Meaningful Learning


What does it mean to be culturally safe?

The following excerpt is from Cox, Taua, Drummond and Kidd (2020), Enabling Cultural safety, in Crisp, J. et al. (2020) Potter & Perry’s fundamentals of nursing. 6e ; Australia and New Zealand edition. Chatswood, NSW: Elsevier

While the above chapter is focussed on nurses the principles apply to all healthcare workers, registered professionals, and in support and other auxiliary roles. Wherever we encounter people we encounter diversity and therefore each one of us is charged with ensuring we are meeting the needs of each individual we support. A famous nurse in NZ, the late Irihapeti Ramsden is honored with gifting us the theories around cultural safety (initially focussed on caring for Māori ) and it is important we continue to evolve this theory into our everyday mahi (work) with each individual.

From Cox et al (2020) I now offer the following “There is no doubt that there has been a growth in awareness of so-called ‘diversity issues’ in the nursing and midwifery professions. However, a challenge in teaching cultural safety is an entrenched assumption that it is only applicable when working with Indigenous peoples. Ramsden established the wide applicability of cultural safety at the outset: ‘While protecting the unique issues of Māori through the Treaty of Waitangi relationship with the Crown, Cultural Safety has been expanded to include all people encountered by nurses who differ in any way from the nurse . . . Cultural Safety is therefore about the nurse rather than the patient’ (2002:5–6, emphasis added). Although cultural safety was conceptualised by Māori nurses and colleagues, and originated in a post-colonial context, it is applicable to any encounter whatsoever , because the interaction between a nurse and a patient is always a bicultural relationship, whether differences between individuals are expressed by gender, sexuality, social class, occupational group, generation, ethnicity or other variables. The underpinning tenet of cultural safety is that each person should receive care that takes account of their unique identities and experiences; therefore, cultural safety also addresses racism, homophobia, ageism, sexism and hetero-dominance“.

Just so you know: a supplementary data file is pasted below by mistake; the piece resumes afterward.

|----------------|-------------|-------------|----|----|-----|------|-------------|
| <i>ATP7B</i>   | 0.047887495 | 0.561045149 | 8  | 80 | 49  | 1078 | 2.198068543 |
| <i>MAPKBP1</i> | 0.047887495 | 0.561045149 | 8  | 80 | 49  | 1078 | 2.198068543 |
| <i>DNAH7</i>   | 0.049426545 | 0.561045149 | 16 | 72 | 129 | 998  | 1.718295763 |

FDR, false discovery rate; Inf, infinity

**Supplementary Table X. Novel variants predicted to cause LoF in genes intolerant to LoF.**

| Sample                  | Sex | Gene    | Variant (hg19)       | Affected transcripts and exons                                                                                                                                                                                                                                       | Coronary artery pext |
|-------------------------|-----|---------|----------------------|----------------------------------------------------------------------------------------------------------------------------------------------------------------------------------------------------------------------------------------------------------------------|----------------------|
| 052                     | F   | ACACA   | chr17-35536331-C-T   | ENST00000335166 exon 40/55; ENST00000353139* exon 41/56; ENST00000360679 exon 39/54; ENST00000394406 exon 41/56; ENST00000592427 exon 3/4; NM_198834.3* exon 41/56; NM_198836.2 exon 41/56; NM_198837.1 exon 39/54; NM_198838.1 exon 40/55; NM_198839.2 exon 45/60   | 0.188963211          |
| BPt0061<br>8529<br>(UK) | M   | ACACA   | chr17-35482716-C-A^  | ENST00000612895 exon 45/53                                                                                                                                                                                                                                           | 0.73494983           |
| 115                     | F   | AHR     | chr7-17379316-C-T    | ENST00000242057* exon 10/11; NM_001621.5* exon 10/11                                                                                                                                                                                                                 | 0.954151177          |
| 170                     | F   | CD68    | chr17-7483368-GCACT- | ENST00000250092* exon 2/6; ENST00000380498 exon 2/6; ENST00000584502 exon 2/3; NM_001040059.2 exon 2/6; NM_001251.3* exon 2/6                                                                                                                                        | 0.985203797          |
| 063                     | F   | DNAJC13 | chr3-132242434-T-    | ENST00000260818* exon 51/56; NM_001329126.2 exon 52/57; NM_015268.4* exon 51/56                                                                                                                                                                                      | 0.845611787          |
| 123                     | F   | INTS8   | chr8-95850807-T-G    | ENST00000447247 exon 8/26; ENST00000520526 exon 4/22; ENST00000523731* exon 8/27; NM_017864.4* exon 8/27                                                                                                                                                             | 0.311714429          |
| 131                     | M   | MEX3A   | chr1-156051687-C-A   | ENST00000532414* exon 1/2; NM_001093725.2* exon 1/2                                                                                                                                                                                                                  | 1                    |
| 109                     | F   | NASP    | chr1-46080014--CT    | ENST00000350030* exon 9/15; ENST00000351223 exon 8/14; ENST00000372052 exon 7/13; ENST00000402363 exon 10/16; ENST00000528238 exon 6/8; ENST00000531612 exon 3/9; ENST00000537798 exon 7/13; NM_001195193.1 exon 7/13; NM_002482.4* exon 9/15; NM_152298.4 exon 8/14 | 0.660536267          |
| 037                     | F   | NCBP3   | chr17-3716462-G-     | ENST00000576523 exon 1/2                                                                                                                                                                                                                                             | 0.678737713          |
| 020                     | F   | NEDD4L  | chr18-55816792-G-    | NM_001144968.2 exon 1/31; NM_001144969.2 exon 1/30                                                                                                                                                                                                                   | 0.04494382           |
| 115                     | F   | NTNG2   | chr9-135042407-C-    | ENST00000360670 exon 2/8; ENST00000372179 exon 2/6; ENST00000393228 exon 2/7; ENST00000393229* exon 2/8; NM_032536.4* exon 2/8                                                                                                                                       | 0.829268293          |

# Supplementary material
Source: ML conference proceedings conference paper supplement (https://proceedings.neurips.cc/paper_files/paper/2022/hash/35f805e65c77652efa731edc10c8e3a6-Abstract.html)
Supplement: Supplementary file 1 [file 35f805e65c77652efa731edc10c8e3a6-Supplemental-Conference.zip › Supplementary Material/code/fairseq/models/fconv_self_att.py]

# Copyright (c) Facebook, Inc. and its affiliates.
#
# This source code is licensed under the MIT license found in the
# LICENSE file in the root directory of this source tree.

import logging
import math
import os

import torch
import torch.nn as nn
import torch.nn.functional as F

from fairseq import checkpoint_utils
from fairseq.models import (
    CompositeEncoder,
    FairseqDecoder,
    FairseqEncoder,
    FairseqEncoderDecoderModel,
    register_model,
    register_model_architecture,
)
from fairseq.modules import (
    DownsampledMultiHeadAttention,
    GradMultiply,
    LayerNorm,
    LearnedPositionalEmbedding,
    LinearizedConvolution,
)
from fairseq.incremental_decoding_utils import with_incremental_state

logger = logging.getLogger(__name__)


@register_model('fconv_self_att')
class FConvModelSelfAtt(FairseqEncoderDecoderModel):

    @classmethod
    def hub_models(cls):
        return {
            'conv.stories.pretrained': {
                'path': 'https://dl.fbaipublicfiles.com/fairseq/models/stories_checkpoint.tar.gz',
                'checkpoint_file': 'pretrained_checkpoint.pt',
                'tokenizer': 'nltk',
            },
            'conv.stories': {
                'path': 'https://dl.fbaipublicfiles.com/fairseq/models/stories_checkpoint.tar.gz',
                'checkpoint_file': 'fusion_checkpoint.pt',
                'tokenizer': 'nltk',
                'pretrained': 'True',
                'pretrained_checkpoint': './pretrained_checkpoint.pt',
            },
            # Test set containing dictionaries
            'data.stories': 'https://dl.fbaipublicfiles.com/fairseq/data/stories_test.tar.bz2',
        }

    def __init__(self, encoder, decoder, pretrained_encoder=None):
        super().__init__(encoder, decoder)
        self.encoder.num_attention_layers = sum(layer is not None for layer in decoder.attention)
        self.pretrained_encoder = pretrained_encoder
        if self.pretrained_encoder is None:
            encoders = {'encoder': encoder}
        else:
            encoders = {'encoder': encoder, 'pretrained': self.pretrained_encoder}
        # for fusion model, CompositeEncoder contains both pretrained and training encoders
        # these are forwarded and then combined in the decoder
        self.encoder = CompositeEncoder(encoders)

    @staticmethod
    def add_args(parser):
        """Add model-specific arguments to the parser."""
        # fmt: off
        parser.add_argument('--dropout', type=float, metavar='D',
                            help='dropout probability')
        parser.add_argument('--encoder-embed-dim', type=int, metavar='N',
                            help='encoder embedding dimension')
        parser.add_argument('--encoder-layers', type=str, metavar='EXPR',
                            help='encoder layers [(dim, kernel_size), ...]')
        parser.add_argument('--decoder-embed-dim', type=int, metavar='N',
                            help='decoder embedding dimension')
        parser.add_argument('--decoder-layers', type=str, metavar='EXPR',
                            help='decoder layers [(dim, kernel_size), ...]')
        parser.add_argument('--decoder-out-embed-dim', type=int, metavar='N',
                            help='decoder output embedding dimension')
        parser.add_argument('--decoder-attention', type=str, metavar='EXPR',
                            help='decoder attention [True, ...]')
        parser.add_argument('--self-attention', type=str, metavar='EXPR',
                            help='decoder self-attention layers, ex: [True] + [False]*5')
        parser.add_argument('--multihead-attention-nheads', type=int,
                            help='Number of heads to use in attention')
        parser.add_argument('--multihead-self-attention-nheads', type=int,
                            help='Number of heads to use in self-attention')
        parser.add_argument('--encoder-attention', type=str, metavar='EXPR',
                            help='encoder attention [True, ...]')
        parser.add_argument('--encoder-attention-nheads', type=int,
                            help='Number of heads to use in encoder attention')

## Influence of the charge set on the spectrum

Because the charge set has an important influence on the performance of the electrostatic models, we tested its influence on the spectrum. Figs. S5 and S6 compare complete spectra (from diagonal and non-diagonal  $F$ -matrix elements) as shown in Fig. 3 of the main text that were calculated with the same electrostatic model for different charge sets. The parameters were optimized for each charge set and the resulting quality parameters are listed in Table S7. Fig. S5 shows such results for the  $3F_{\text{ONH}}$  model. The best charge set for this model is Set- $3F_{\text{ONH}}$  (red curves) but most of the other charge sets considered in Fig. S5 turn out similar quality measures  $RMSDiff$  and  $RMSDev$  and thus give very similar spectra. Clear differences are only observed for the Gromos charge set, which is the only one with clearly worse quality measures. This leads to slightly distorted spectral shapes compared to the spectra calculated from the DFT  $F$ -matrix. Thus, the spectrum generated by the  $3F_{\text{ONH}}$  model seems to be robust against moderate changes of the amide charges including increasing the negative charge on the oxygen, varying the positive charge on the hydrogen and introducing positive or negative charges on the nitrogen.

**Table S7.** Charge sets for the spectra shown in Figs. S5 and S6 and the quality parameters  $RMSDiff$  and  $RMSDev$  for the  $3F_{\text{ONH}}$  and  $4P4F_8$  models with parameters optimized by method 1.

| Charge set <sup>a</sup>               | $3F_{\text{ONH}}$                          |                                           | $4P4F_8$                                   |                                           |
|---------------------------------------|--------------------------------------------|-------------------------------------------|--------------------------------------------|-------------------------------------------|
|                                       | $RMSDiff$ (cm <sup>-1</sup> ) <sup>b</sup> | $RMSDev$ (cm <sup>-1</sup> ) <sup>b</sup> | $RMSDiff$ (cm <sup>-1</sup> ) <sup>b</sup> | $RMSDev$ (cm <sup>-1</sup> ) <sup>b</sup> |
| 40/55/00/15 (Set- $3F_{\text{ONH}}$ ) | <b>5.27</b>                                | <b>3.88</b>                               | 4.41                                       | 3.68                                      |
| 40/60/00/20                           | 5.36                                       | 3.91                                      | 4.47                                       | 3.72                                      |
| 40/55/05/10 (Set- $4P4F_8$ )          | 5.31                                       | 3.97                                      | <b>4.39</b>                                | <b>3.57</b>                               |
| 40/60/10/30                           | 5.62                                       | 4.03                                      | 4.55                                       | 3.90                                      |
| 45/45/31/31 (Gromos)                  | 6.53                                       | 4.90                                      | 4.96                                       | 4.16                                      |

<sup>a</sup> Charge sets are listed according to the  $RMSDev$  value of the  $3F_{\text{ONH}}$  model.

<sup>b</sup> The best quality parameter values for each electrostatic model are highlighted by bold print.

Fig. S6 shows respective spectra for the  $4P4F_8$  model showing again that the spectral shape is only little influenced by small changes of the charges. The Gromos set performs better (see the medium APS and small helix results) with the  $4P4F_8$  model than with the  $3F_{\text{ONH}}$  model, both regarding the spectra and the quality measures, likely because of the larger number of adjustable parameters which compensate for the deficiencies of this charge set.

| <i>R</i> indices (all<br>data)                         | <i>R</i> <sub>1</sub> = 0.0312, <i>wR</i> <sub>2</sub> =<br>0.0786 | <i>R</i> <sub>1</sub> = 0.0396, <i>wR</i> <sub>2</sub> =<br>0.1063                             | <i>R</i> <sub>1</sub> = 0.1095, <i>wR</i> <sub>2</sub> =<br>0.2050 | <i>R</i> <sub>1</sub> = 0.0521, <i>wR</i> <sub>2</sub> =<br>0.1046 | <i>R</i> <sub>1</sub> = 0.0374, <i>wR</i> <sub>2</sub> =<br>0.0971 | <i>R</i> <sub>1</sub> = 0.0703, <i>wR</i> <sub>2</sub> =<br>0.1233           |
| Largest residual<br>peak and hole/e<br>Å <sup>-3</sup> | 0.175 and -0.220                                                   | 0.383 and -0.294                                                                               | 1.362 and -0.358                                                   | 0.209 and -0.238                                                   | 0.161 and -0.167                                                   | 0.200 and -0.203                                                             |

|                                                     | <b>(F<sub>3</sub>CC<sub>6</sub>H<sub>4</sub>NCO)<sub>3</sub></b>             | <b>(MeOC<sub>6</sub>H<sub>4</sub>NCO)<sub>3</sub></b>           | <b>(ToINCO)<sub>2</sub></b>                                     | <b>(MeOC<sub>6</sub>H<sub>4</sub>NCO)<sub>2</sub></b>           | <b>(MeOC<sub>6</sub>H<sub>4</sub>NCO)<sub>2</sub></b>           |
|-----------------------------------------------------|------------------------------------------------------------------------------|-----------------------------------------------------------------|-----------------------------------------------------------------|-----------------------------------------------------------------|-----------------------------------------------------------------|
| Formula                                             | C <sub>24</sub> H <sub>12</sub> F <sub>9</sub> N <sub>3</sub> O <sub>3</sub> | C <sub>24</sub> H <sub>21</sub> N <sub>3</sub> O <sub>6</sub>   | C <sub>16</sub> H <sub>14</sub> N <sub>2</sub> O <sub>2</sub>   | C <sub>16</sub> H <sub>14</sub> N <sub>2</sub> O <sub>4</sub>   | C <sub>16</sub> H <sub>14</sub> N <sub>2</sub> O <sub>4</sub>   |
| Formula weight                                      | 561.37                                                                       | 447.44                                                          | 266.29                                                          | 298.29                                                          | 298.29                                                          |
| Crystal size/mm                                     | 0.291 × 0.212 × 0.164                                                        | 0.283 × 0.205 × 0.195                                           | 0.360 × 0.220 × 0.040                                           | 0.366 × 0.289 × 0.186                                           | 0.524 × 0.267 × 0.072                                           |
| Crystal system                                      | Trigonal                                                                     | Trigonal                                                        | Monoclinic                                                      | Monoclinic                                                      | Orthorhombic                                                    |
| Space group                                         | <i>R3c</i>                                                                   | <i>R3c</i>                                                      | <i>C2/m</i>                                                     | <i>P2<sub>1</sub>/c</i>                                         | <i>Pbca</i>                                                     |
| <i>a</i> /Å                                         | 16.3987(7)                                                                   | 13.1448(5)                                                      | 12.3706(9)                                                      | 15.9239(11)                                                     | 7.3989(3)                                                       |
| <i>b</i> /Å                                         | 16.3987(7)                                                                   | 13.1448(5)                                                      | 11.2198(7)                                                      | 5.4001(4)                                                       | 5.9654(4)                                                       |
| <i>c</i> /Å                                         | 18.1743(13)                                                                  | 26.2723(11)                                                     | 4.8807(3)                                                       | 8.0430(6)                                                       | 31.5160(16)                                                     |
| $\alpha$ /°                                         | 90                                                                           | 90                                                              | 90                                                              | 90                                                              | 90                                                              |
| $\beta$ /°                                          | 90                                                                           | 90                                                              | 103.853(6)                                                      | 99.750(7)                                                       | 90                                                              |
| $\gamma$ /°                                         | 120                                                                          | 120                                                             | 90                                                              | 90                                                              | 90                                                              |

Therefore to put it simply in order to provide care that is culturally safe the healthcare worker must undertake a process of cultural self reflection to gain awareness – essentially know self first as a cultural being, be conscious to ones own values, beliefs and assumptions, recognise ones own individual ways of being, of knowing – your own worldview. In doing this then we become conscious that therefore every other person also has their own worldview underpinned by their own beliefs, values and assumptions. The health worker becoming conscious of this then offers support according to the care recipients needs. It is only then that the individual can determine that the healthcare worker is culturally safe. So it isn’t the worker that determines the safety it is the recipient of care who decides if they feel respected and have had their needs acknowledged and attended to appropriately.

Of course it doesn’t end there as the system and structures in which care is provided must also have a diversity lens and be cognisant of dominance and power. But that’s a discussion for another day.

In the meantime I encourage you to ponder on how you respond to the individual needs for each person you provide care or support for. If you asked your clients if they felt you were providing culturally safe care what do you think they might say?

Photo by Amy Elting on Unsplash


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